|Initiatives to Improve Access
Pay for Performance
Hawaii Medicaid implemented a pay for performance incentive program to encourage improvements in quality and access. Child-specific benchmark measures include childhood immunizations, and getting care needed-child CAHPS.
|Reporting & Data Collection||
Managed care plans are required to submit encounter data at least once per month.
Electronic Data Reporting
Hawaii Medicaid is in the process of implementing an online EPSDT reporting system that allows providers to submit data electronically. The system will capture information on vaccines, screenings, and referrals, and would provide prompts and alerts for services that are due.
|Support to Providers and Families||
Support to Providers
Hawaii Medicaid operates a provider webpage with information on Medicaid and EPSDT, covered services, fee schedules, and other resources. The state also published a provider manual, which includes a chapter on EPSDT that contains a description of the program as well as information on covered services and billing procedures.
Hawaii’s Medicaid Provider Manual contains a detailed description of the dental services available to children eligible for EPSDT, including applicable billing codes, and whether prior approval is needed for each service. The state also operates a dental page for providers, which contains dental fee schedules and contact information for dental coordinators employed by Community Case Management Corporation (CCMC). Hawaii Medicaid contracts with CCMC to help beneficiaries find dentists and other dental providers.
Eligible Patient Population: The three health centers that comprise the Accountable Healthcare Alliance of Rural Oahu (AHARO) serve a total of approximately 40,000 patients through over 200,000 clinical visits annually. Approximately 50% of these patients (20,000) are enrolled in the Hawaii QUEST (Medicaid) program.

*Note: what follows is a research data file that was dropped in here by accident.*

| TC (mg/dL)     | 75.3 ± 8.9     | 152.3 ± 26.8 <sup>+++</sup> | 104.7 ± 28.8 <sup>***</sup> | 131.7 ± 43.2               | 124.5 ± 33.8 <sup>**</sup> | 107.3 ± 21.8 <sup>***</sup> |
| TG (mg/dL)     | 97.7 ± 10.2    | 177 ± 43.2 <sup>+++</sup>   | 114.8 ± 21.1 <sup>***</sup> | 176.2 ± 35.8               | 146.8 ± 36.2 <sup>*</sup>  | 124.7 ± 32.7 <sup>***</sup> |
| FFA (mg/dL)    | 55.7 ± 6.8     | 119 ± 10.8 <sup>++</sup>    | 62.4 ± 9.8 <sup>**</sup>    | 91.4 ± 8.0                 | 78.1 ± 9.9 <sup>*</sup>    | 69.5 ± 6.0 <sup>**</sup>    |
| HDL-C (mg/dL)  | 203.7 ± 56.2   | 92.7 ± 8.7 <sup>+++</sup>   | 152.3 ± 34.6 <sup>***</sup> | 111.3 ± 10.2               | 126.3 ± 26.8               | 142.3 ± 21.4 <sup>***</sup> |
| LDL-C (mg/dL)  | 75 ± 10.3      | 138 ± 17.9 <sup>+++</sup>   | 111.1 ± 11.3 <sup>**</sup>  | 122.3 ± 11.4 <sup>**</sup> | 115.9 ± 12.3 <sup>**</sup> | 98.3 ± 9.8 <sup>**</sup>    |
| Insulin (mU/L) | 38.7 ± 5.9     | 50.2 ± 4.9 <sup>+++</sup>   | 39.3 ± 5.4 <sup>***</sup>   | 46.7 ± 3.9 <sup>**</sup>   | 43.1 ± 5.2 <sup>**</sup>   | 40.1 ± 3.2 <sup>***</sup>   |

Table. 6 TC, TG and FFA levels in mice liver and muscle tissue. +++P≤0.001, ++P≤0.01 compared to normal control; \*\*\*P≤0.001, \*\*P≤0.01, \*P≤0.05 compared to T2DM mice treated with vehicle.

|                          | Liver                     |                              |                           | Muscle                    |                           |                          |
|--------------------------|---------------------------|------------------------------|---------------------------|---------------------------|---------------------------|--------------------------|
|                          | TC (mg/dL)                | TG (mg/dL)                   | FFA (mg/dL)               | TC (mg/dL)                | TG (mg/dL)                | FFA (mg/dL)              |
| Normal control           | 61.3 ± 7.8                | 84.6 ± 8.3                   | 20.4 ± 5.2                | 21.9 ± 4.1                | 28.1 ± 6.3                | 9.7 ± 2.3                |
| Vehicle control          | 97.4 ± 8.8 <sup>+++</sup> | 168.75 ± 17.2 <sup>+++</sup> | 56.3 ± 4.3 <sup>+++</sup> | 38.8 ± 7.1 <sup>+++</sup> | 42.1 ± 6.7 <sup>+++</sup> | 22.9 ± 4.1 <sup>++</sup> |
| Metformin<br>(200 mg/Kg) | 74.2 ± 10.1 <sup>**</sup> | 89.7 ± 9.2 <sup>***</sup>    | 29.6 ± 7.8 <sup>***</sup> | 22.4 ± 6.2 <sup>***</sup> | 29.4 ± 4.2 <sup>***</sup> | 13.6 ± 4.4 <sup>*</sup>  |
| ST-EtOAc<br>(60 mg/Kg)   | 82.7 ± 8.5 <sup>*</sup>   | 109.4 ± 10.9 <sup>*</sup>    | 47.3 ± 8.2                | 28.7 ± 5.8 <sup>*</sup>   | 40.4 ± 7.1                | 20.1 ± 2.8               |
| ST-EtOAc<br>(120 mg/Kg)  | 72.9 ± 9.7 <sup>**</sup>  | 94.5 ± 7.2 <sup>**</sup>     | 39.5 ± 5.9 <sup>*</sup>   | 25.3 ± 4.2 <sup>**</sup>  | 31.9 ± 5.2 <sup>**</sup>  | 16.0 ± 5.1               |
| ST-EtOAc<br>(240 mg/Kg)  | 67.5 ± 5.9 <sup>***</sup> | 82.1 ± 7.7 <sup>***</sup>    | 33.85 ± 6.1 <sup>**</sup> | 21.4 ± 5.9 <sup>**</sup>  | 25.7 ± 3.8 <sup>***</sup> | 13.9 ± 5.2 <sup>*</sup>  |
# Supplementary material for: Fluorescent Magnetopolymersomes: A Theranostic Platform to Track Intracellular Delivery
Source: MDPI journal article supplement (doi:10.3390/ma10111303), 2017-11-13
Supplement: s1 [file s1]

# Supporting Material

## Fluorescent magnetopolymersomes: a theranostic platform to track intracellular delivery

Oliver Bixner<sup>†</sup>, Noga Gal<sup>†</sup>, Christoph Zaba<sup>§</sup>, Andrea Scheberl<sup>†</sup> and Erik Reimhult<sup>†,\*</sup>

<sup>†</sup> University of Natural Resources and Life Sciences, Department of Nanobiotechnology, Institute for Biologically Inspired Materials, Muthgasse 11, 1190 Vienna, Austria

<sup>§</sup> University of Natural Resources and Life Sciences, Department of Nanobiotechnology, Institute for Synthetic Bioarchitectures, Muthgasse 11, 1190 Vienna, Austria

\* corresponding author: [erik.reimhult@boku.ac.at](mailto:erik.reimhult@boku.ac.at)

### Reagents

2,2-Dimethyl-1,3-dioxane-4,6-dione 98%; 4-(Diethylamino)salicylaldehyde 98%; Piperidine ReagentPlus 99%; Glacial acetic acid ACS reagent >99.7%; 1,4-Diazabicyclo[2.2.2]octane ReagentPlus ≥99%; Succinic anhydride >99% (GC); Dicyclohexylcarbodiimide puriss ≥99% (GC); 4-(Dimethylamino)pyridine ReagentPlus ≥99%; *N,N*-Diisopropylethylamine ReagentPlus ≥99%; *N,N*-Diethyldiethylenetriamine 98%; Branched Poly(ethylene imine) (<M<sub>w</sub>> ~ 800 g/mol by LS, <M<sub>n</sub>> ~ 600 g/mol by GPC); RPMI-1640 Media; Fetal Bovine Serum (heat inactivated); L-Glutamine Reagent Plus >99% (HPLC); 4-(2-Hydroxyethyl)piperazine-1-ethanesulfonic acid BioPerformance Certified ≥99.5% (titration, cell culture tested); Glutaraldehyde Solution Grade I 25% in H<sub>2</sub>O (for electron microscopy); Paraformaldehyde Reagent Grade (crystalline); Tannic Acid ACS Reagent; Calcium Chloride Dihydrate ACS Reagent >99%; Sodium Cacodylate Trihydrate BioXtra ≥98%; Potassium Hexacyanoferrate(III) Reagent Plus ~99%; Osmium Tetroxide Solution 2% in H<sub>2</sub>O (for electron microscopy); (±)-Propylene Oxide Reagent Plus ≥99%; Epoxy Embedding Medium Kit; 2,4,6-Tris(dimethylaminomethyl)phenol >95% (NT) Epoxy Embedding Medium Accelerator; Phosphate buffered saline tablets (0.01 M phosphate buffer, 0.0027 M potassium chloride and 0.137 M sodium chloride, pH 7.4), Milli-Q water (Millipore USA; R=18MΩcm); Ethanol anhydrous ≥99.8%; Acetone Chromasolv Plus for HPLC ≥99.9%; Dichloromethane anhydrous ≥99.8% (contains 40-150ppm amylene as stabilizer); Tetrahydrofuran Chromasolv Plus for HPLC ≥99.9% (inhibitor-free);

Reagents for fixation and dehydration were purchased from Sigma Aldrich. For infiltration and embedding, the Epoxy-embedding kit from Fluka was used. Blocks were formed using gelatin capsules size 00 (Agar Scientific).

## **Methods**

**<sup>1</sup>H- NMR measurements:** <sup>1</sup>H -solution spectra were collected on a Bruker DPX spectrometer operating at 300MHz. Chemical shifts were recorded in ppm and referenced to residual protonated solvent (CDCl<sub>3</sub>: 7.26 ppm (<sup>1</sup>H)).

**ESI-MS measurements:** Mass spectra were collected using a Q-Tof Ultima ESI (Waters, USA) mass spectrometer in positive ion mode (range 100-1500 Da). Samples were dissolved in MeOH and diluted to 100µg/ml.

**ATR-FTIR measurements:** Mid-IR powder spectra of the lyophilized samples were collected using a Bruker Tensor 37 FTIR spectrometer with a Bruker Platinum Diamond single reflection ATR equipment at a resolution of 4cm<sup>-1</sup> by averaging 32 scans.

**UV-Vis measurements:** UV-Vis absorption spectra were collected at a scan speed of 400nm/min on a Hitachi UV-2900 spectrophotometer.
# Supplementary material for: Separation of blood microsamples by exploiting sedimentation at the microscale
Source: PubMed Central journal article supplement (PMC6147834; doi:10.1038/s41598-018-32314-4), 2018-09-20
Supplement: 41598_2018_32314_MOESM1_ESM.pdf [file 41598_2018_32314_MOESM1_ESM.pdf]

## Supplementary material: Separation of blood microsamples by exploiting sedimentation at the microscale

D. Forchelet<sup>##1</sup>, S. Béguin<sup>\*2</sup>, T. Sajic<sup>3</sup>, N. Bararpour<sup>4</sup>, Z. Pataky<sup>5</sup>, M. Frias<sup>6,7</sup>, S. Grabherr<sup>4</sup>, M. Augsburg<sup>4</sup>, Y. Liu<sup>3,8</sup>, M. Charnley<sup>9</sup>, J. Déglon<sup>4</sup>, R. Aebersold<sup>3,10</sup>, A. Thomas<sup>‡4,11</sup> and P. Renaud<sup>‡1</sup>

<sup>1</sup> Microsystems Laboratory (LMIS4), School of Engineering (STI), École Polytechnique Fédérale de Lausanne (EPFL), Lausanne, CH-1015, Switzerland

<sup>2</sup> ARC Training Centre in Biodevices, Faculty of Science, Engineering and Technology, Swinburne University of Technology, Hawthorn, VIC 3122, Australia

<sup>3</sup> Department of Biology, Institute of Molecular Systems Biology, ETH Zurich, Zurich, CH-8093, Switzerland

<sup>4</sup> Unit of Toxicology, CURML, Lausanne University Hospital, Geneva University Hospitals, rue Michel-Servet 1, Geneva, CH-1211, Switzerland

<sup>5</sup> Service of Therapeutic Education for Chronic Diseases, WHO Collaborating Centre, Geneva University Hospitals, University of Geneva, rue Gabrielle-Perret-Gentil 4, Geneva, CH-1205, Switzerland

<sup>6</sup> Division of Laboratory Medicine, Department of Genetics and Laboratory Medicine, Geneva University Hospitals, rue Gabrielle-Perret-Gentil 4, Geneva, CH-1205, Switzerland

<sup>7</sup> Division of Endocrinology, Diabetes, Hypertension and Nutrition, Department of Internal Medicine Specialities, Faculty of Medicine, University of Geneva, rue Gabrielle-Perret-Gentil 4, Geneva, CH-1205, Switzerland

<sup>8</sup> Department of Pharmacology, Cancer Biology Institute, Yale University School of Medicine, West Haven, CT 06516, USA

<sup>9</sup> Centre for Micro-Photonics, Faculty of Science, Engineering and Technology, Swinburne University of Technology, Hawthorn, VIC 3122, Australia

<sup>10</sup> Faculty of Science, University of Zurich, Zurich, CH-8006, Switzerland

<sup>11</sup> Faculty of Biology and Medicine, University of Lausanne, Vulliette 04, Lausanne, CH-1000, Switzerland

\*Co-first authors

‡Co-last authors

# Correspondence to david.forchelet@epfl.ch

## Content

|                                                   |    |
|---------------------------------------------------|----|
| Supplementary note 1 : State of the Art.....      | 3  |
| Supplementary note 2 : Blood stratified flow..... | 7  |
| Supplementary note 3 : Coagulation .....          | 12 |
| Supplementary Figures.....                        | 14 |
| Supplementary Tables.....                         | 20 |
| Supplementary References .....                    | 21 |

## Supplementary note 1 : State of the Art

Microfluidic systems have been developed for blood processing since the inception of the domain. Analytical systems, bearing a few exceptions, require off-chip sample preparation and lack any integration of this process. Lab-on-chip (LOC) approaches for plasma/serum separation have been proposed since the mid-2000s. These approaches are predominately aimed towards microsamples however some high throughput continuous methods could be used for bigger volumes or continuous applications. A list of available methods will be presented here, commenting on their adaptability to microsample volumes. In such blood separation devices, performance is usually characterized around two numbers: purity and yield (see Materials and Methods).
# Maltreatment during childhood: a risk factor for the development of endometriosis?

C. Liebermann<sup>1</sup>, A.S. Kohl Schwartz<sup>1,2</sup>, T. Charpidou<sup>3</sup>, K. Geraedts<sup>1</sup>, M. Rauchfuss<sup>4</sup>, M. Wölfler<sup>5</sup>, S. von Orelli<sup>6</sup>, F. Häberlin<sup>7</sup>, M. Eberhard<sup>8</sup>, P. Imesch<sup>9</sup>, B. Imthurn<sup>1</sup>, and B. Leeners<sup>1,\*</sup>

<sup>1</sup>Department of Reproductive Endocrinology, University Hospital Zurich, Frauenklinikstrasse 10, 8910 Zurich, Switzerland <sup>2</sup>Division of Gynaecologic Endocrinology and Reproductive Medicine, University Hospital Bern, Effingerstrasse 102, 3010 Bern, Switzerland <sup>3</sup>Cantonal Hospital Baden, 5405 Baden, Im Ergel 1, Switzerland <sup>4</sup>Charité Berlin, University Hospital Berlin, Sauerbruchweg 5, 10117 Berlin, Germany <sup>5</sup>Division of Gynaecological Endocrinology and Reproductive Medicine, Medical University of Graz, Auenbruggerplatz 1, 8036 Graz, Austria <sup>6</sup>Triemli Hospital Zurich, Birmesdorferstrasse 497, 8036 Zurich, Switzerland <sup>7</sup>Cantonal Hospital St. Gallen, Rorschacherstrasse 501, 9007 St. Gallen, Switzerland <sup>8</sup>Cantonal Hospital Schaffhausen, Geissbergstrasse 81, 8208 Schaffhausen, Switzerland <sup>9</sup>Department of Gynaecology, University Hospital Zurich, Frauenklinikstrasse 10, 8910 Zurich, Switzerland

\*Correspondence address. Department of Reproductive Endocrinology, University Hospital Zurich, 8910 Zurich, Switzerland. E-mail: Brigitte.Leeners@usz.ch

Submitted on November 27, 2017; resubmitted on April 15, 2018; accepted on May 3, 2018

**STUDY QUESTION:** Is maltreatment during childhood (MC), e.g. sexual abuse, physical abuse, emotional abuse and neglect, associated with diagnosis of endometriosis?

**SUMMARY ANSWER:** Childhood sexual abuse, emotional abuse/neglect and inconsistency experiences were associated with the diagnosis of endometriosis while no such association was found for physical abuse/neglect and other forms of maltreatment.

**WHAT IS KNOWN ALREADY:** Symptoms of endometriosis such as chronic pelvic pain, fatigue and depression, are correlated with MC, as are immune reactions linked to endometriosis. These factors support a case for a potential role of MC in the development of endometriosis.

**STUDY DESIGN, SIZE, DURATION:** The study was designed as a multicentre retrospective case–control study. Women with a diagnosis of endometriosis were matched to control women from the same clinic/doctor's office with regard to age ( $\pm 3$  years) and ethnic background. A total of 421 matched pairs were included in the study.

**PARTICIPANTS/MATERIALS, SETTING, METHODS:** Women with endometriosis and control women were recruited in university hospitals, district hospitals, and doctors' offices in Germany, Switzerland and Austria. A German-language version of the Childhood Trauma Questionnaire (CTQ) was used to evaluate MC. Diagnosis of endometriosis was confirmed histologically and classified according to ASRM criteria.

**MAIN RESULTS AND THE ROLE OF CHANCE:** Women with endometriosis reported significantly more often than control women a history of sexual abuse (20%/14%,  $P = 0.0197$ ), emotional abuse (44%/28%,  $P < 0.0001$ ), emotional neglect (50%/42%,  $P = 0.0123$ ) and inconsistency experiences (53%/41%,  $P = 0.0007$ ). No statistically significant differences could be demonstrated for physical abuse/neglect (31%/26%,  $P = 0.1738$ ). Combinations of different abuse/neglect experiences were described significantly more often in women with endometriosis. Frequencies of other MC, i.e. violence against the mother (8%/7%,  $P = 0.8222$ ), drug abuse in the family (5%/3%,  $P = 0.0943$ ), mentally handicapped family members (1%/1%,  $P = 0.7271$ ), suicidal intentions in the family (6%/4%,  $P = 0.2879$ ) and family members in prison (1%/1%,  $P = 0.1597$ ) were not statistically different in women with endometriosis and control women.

QUEST members continuously enrolled in a participating health plan and assigned to a participating health center for at least 3 months are considered to be enrolled in AHARO for the purpose of defining financial performance metrics (see Appendix F).
Eligible Provider Population: AHARO is forming partnerships both with a vertical network of providers and with selected Medicaid managed care organizations. Providers are affiliated with the three participating health centers: Koolauloa Community Health and Wellness Center, Waimanalo Health Center, and Waianae Coast Comprehensive Health Center.
The Accountable Healthcare Alliance of Rural Oahu (AHARO) was established via interagency agreement between the three participating Federally Qualified Health Centers in 2010. Contracts with the two participating Medicaid managed care plans support “health care home” standards (additional standards, beyond NCQA patient-centered medical home recognition, for care enabling services, cultural proficiency, community involvement, and workforce and economic development), performance-based reimbursement, and shared savings partnerships.